A while back I made a decision that I wasn't going to buy supermarket salad leaves any more. It wasn't one of those big, announce-it-on-Twitter-and-write-a-blogpost-about-it things. More just a gradual realisation that I was fed up of drab lettuce that cost 10p a leaf when there was a world of green stuff to be grown and gathered without recourse to the shops. I already knew that bagged salads cost a packet, to the consumer, to the environment and to the workers who are exploited in their production. Then I read Charles Dowding's How To Grow Winter Vegetables and realised that, with a bit of planning, I could use my potting shed to grow greens year-round to supplement the foraged stuff.
Around six months on, it's so far, so good. I am eating homegrown/foraged salads three or four times a week, rather than letting a sad plastic bag of pricey leaves go limp in my all-too-tiny fridge. The picture above's fairly typical of what I am eating right now: there's some hairy bittercress, which is a weed that's growing in one of my raised beds and providing a fantastic crop of watercress-flavoured leaves; baby chard; 'Red Streaks' mustard leaves, 'Bulls Blood' baby beet leaves and some baby lettuce leaves.
Dowding's method is simple: pick the right varieties (winter lettuce, Chinese leaves and chard all do well over winter), fill any old container (a washing up bowl with holes cut in the bottom or a wooden banana box are good) with well-rotted cow manure, top with a thin layer of compost, then sow your seeds. (It's a bit more complex than that, you need to be aware of timings and sowings now may struggle more than those done in, say October. I'd recommend buying his book, it's a great read that will inspire you to extend your growing season into winter).
I didn't have any manure, so I tweeted @charlesdowding to ask if wormcasts from my wormery would be an acceptable alternative. "Even better!" he tweeted back, and we were off! I've sowed about six trays between September and now, and probably had 5-10 croppings of cut-and-come-again leaves off each. I guess I've been lucky with the mild winter we've had so far, but if the cold sets in my salad trays will be fine swathed in a layer or two of horticultural fleece. The quanitites aren't huge - somewhere between microgreens and cut-and-come-again leaves, but topped up with foraging finds, it's been plenty.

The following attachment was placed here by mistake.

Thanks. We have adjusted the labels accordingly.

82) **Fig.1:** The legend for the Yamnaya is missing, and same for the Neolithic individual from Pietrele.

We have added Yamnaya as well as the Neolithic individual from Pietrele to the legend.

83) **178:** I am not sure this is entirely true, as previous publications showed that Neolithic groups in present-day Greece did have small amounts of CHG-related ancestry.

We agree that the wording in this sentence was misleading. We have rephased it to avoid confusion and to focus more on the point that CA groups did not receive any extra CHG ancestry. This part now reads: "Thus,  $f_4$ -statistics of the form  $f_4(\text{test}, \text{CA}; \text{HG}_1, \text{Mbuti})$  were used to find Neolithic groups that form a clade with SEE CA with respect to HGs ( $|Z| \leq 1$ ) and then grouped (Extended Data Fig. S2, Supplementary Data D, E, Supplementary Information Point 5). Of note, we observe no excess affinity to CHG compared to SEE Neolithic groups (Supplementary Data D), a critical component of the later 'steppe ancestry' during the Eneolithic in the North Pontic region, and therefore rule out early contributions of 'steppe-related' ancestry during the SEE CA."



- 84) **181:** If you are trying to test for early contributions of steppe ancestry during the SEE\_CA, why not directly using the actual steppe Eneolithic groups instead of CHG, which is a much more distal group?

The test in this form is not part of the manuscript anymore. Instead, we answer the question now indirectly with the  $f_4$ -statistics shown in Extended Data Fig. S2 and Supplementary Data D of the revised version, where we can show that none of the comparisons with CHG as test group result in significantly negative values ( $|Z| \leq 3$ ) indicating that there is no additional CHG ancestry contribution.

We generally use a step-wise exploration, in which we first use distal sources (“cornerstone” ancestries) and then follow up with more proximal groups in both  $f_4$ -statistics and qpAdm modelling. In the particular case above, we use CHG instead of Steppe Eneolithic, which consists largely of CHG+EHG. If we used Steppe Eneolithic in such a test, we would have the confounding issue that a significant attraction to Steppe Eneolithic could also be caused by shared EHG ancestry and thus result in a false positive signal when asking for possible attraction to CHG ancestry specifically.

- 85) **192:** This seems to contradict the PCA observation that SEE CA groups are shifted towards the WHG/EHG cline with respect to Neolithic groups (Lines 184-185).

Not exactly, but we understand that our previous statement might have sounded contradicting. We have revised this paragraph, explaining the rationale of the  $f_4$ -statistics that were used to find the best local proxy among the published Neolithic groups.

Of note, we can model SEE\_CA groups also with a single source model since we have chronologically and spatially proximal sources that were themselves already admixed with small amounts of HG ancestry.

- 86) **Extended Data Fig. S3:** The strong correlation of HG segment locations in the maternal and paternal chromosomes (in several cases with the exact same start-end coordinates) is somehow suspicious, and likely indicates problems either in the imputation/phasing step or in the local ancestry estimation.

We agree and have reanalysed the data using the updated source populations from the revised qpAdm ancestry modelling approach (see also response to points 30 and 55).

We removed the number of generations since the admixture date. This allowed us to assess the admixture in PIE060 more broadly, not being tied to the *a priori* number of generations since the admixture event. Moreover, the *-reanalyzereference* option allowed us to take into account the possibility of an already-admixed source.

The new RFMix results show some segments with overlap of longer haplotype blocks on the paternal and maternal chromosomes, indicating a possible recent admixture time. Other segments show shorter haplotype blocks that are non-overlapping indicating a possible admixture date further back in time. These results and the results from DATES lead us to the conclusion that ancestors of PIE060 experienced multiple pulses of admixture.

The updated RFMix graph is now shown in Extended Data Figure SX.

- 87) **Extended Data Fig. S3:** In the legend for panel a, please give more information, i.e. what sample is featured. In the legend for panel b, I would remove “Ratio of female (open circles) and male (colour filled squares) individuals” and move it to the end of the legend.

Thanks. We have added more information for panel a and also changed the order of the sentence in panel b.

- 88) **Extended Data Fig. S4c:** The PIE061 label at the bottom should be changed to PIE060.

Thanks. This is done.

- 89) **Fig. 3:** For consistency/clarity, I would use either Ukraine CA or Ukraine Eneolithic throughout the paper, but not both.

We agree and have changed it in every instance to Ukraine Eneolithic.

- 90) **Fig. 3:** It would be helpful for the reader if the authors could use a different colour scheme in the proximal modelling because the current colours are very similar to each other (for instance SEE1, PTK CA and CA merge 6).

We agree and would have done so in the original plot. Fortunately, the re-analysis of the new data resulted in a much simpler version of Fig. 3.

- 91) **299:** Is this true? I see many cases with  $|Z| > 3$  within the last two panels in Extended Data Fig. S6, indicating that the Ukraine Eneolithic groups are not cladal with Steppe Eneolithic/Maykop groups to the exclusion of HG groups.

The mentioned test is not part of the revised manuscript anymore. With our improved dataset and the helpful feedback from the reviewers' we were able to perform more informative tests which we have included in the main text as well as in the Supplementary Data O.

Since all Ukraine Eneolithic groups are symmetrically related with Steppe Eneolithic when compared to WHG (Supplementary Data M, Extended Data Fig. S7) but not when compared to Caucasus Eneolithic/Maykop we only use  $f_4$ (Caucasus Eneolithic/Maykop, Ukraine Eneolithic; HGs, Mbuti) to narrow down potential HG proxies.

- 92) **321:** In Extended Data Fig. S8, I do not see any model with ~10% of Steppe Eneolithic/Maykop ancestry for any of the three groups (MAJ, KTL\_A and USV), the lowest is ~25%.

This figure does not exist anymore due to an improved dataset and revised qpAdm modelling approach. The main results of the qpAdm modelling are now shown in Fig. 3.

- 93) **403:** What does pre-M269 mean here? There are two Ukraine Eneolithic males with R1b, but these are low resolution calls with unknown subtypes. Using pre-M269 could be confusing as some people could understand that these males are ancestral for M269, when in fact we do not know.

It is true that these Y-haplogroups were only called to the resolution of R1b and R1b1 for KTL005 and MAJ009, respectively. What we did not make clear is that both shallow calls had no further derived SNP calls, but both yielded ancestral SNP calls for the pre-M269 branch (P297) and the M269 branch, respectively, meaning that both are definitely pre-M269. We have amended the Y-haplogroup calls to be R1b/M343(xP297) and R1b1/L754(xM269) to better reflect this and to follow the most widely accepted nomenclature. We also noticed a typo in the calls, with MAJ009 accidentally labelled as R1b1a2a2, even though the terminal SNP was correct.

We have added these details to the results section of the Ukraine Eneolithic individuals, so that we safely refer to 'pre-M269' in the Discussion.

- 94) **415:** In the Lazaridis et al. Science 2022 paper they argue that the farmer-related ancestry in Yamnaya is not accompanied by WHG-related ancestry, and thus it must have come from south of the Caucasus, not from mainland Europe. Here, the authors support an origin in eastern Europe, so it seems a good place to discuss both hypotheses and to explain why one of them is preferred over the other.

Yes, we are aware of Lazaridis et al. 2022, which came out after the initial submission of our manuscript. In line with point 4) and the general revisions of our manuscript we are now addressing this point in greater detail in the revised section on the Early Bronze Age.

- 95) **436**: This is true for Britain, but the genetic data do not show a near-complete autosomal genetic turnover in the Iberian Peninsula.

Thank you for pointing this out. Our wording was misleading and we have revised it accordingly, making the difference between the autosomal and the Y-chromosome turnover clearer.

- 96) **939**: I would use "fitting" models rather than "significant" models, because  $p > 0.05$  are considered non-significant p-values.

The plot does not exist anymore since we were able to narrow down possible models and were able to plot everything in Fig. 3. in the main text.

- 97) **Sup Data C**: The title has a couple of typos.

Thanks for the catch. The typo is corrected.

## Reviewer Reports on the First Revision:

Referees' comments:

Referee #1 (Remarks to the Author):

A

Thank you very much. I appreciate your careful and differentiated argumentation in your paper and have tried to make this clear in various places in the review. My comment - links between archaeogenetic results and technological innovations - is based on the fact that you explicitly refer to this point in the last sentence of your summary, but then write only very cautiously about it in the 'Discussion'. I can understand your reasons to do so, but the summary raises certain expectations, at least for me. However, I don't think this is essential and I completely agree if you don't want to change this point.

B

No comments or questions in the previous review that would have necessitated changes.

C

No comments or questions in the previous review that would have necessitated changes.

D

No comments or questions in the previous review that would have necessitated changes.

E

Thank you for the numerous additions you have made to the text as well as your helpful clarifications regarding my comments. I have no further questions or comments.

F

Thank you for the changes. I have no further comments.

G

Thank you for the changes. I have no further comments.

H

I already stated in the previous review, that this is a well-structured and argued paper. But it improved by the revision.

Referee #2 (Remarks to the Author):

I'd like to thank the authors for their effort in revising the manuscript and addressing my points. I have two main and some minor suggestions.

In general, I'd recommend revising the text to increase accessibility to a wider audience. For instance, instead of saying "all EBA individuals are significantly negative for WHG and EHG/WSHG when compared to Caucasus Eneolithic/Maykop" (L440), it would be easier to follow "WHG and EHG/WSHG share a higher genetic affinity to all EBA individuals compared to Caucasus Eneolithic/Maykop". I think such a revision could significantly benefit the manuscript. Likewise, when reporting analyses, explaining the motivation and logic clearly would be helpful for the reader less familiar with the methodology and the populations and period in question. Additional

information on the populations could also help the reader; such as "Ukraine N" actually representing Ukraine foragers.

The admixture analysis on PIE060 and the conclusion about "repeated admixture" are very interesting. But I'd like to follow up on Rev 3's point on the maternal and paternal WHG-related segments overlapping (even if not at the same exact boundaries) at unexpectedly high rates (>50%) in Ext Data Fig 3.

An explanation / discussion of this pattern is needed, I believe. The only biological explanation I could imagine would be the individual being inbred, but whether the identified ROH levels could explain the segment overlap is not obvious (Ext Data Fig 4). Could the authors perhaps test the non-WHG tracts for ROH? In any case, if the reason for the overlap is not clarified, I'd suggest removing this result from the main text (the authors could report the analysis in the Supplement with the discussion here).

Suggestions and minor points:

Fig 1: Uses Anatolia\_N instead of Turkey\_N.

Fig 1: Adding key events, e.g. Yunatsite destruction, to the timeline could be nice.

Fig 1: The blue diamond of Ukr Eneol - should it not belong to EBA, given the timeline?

It's amazing quite what's still fresh and green and available for the picking right now in December, both the"weeds" in my garden and in other local green spaces. The aforementioned hairy bittercress is a banker, but I have also discovered that the leaves of the ubiquitous garden weed Oxalis corniculata var. atropurpurea or creeping wood sorrel are just as deliciously lemony as cultivated sorrel (although you have to be a bit careful not to eat tonnes of the stuff as it can (like a lot of things) be bad for you in very large quantities. Then there's dandelions and cat's ear (bitter but good in small quantities, who needs chicory?) and nettles (select only the fresh green tops) and chickweed (good for you) and violet leaves (a bit bland but a great bulking agent).
I was planning to get the seed sprouter out if the foraging got lean or the cultivated salads failed, but so far I haven't had to. Alfalfa's ok, but my own saladings are better. Now I am just waiting for an opportunity to feed all my friends and relatives a big ole plate of weeds at the next family gathering.